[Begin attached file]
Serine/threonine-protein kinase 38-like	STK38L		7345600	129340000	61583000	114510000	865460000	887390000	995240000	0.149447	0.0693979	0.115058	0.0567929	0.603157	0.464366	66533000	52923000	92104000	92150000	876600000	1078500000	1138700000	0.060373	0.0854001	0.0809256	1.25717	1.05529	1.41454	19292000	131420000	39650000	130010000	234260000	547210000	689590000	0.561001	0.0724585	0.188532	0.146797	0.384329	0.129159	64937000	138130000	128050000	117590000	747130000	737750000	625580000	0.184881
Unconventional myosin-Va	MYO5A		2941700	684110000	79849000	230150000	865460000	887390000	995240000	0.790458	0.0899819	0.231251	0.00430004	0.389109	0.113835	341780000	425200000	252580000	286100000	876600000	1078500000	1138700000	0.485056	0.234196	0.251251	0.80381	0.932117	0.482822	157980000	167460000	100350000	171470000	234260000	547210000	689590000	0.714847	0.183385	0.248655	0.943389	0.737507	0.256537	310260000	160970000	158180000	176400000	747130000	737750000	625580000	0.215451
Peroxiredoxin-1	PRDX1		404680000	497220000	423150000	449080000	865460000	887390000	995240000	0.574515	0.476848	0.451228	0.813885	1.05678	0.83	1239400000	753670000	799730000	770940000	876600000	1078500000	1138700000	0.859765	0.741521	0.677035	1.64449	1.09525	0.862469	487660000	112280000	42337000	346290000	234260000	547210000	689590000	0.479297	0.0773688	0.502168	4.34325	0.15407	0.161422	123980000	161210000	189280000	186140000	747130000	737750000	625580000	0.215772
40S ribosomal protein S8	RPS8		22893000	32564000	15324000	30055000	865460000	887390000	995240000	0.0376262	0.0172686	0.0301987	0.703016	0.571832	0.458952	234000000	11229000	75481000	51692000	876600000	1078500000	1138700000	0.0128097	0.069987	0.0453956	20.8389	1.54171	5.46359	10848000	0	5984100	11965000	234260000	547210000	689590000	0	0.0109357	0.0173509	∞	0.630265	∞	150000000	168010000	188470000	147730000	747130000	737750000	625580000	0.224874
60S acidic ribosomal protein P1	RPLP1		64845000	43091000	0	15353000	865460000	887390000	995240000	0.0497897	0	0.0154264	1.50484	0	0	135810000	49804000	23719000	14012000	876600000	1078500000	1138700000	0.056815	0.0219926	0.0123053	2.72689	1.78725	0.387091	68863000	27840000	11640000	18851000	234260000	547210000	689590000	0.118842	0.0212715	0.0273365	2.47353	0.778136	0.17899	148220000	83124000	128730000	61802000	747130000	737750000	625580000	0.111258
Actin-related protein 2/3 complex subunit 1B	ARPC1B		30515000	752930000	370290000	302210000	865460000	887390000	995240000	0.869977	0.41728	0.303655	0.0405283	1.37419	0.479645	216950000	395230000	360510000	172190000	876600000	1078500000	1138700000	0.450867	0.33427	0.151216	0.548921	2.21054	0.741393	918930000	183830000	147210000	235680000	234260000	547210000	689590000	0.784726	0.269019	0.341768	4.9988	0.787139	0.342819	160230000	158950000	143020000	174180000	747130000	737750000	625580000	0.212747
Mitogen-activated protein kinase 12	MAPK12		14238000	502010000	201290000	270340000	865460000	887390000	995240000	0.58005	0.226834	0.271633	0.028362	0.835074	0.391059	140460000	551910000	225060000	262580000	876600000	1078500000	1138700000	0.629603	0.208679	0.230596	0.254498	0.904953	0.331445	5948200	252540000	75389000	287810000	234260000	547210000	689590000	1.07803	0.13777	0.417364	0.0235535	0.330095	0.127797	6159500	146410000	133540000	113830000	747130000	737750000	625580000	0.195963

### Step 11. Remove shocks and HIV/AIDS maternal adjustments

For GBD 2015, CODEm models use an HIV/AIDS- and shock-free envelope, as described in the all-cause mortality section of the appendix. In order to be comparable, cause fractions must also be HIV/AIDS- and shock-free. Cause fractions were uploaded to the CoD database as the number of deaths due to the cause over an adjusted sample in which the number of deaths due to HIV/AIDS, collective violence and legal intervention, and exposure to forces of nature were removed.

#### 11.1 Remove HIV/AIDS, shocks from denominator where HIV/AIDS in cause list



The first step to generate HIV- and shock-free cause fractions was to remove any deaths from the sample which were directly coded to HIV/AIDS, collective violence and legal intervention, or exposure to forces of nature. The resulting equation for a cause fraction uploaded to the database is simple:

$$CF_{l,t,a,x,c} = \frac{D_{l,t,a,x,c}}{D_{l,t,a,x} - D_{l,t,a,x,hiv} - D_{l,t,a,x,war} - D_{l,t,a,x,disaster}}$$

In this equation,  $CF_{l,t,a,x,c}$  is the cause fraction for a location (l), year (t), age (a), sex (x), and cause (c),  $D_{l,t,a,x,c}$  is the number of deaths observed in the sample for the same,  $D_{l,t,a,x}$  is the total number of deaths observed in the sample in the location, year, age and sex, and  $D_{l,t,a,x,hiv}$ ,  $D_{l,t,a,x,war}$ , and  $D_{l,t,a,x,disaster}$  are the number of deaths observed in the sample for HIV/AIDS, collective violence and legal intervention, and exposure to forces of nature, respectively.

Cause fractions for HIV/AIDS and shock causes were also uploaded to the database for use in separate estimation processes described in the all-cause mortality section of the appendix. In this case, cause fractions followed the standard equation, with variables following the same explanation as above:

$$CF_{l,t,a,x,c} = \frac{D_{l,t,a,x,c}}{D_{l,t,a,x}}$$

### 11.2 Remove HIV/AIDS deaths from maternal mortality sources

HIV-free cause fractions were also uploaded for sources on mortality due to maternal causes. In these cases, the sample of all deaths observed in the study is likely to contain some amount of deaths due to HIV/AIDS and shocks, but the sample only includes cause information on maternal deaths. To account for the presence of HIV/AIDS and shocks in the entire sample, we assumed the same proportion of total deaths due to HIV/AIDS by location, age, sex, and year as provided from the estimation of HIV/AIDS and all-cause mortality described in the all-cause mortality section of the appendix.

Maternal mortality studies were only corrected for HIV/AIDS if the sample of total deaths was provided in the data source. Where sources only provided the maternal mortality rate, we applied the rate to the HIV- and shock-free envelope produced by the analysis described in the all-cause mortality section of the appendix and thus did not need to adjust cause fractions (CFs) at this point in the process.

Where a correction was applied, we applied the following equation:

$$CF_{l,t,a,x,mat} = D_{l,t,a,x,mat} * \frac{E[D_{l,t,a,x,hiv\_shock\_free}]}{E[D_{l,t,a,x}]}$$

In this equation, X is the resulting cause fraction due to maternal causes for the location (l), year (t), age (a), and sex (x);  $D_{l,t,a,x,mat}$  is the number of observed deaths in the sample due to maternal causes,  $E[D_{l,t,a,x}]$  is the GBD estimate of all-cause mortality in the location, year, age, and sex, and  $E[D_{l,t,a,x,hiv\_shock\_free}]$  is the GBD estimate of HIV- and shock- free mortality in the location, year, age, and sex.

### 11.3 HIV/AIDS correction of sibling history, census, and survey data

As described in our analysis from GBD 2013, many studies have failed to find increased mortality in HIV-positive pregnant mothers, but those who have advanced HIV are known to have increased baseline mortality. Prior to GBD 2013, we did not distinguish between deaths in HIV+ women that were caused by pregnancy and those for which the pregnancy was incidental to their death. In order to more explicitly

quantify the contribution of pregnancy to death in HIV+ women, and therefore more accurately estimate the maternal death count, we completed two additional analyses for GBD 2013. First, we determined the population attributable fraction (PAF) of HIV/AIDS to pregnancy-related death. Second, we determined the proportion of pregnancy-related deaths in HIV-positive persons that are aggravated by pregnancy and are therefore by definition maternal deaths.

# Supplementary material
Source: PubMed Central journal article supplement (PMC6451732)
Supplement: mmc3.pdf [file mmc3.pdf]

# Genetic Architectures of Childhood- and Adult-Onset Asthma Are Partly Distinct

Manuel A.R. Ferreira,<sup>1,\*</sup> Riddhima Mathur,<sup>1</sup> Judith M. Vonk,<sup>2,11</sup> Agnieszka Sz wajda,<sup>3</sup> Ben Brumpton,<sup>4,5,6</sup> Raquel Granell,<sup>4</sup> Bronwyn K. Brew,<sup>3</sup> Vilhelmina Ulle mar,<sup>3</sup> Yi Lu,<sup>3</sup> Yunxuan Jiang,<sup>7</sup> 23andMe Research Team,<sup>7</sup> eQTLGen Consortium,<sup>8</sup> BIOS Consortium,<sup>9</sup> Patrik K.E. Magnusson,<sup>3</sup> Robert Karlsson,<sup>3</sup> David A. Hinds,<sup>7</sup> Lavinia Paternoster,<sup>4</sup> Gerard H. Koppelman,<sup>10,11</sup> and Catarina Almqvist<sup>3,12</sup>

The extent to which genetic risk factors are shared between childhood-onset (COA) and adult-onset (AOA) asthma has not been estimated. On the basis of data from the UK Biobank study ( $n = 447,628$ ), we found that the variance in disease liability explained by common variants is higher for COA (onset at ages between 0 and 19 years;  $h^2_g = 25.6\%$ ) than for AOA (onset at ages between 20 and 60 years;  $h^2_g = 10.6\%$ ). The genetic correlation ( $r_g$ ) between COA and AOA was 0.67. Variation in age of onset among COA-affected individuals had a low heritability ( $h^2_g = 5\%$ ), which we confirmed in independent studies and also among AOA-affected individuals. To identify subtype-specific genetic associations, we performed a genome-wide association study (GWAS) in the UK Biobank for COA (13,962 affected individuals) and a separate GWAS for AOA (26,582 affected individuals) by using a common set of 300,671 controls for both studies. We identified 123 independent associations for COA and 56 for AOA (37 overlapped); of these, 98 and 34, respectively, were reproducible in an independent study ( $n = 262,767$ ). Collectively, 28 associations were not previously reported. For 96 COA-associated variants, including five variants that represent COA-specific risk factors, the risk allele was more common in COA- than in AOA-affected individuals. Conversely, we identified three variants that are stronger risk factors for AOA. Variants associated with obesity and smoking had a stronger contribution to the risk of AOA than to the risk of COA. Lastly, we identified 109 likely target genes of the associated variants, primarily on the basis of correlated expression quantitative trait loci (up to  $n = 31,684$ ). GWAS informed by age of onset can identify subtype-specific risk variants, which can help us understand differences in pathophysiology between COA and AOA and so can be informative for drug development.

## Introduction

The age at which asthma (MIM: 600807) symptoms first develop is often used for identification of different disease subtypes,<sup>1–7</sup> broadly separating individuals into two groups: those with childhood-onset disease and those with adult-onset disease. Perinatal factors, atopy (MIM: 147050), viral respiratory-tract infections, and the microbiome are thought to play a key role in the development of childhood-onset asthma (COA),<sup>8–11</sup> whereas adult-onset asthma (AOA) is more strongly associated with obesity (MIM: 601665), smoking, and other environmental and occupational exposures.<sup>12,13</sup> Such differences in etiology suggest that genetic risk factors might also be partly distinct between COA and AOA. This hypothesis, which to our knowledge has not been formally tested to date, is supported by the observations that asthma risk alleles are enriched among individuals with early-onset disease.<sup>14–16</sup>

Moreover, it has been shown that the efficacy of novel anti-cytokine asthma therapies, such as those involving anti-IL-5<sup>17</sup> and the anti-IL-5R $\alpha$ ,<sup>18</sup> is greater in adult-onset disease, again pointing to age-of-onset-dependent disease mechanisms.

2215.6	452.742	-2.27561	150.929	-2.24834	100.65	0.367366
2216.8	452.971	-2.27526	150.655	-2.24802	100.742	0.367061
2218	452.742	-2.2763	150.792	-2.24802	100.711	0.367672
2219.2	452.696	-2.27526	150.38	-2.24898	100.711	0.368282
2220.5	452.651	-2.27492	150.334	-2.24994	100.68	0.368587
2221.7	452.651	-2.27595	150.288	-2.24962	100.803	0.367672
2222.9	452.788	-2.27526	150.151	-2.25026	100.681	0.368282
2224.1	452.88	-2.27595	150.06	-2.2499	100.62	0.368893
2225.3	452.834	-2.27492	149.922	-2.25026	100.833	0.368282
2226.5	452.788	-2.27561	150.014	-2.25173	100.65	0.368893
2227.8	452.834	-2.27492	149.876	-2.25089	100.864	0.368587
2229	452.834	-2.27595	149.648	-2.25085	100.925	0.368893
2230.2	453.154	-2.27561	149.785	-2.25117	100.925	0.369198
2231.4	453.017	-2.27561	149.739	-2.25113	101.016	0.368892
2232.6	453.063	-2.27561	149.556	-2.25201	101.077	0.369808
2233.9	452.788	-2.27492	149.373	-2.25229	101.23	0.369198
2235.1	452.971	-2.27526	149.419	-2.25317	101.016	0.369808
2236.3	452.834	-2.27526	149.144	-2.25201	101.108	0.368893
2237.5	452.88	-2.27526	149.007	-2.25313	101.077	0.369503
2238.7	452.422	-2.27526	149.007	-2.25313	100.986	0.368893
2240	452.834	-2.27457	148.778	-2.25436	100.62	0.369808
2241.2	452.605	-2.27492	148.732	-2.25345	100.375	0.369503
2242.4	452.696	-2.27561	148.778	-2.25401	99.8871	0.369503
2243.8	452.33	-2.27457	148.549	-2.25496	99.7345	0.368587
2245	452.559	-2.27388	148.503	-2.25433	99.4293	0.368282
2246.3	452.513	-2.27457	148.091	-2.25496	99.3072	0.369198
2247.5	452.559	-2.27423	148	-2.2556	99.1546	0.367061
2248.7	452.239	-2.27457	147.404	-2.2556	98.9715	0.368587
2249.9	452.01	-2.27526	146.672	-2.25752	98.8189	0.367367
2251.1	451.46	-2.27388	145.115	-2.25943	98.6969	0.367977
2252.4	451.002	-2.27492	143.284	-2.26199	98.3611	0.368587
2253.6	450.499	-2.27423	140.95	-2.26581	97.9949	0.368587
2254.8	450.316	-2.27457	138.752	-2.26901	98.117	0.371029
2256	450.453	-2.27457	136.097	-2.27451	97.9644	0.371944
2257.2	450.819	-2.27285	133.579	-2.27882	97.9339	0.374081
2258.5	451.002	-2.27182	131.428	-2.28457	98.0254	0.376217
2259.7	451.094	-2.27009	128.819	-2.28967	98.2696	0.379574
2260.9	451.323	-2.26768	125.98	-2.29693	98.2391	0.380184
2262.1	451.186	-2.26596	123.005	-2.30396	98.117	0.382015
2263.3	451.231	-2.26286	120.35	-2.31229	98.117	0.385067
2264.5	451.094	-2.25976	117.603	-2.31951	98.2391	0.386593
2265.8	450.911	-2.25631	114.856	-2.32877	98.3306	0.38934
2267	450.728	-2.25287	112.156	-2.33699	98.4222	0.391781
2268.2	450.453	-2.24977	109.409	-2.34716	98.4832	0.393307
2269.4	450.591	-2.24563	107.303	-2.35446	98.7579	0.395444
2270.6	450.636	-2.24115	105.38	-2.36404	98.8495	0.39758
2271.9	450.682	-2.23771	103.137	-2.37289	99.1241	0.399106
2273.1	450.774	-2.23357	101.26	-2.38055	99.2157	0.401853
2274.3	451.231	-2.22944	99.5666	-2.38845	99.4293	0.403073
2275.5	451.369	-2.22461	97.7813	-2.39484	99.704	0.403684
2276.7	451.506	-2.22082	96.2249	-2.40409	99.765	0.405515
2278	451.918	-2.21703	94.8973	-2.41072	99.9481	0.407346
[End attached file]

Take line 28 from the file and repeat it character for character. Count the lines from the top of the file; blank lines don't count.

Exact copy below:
# Genetic Architectures of Childhood- and Adult-Onset Asthma Are Partly Distinct